Re:Good (-1)

Anonymous Coward | about 3 months ago | (#47526403)

Typical fanfag behavior. Keep sucking that Google dick.

Re:Good (0)

Anonymous Coward | about 3 months ago | (#47526849)

cajones? They didn't have big boxes?

Re:Good (3, Interesting)

mystikkman (1487801) | about 3 months ago | (#47526107)

Content creation? You mean only English essays, right? Can the students even install and use a proper compiler or something like AutoCAD? Photoshop?

A heavily DRM'ed up "laptop" that no one can do anything except be forced to Google cloudservices to even login and a browser is a rational choice now? Not to mention Google Apps and email which helpfully uploads everything to the Google Cloud.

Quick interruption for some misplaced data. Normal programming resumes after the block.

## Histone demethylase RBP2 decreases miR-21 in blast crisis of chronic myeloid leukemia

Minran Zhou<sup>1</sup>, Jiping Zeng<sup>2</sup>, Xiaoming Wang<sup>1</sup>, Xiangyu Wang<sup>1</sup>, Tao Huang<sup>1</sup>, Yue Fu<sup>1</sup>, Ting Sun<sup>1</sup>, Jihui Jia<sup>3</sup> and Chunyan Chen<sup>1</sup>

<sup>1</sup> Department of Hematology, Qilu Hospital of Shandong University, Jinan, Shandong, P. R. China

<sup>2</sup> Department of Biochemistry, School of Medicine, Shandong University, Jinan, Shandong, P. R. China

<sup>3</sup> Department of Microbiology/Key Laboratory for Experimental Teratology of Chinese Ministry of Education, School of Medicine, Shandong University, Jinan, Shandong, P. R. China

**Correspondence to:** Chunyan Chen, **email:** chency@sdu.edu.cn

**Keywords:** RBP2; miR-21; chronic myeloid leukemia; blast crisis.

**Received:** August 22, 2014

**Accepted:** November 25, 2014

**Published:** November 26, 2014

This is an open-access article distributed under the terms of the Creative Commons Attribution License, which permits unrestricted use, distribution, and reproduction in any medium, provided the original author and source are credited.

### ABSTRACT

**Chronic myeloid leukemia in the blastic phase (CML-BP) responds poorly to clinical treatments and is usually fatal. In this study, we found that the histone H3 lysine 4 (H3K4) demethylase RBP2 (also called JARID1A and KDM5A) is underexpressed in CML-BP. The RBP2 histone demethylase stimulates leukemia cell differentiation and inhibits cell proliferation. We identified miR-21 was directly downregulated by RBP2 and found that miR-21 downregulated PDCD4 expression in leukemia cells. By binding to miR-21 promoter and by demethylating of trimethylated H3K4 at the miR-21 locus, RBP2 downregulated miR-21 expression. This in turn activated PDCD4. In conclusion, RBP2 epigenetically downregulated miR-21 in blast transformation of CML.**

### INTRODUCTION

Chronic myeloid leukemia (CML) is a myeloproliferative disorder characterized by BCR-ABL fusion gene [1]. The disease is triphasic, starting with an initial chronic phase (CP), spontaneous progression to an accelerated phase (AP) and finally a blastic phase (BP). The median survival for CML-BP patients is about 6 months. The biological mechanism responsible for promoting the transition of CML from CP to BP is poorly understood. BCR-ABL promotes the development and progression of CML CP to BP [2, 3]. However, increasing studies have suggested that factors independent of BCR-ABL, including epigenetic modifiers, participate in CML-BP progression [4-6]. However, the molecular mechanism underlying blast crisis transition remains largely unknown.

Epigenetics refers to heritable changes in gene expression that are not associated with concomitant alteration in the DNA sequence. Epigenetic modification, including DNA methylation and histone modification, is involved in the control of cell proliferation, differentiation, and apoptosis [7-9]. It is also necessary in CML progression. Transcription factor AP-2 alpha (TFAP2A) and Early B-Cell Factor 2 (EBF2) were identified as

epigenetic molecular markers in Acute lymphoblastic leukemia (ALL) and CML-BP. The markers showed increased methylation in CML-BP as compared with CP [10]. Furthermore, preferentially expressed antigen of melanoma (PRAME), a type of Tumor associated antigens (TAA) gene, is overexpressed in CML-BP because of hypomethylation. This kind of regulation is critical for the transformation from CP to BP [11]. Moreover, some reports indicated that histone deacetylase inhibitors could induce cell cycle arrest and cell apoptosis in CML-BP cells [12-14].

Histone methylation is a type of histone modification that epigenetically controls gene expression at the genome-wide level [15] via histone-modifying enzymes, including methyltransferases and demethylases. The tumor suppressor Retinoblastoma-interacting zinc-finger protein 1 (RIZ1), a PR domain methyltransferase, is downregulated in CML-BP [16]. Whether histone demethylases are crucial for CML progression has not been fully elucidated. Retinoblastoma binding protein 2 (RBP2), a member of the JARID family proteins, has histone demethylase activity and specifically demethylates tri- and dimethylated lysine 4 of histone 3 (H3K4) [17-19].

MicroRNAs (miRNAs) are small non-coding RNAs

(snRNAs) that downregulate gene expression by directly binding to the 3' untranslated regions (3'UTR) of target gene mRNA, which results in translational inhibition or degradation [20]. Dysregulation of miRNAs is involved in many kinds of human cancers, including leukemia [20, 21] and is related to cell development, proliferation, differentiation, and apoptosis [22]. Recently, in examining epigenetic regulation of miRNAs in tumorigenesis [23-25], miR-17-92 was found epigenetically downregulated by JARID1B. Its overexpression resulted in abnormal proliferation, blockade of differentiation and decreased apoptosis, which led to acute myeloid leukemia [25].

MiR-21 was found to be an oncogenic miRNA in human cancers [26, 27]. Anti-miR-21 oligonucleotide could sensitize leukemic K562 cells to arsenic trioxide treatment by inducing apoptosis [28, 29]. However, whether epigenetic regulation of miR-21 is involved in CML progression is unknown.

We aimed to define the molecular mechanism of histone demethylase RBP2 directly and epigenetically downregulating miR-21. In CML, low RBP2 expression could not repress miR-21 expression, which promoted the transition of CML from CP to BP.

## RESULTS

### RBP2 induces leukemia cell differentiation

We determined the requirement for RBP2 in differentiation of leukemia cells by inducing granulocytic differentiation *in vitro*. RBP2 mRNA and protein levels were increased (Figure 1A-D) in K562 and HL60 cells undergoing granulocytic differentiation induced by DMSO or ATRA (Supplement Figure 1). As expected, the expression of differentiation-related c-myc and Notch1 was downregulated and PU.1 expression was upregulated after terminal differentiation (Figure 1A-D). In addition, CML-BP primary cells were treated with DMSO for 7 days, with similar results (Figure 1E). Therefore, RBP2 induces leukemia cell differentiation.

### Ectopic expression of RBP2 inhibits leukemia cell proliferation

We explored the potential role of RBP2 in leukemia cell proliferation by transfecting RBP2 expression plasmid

It pulls Palladium to shame since you can't install any apps except those provided by the Google overlords.

This proves that all the Slashdot talk about software freedom is thinly disguised Microsoft hate since everyone here seems to be pumping up heavily locked down iDevices and Chromebooks.

Re:Good (0)

Anonymous Coward | about 3 months ago | (#47526159)

If they wanted to, it is trivial to put Linux on most Chromebook models, where they could install a vast array of software. They could dual boot them or run crouton on them and be able to launch Linux from inside of ChromeOS.

In addition to that, 95% of what grade school kids are doing are English essays, history research projects, etc. which mostly consist of web research, typing and maybe a spreadsheet at most. I'm sure for art class, they still have Macs or PCs with Photoshop or some version of CAD, but for general purpose devices, Chromebooks can be great, especially when they are being compared to an iPad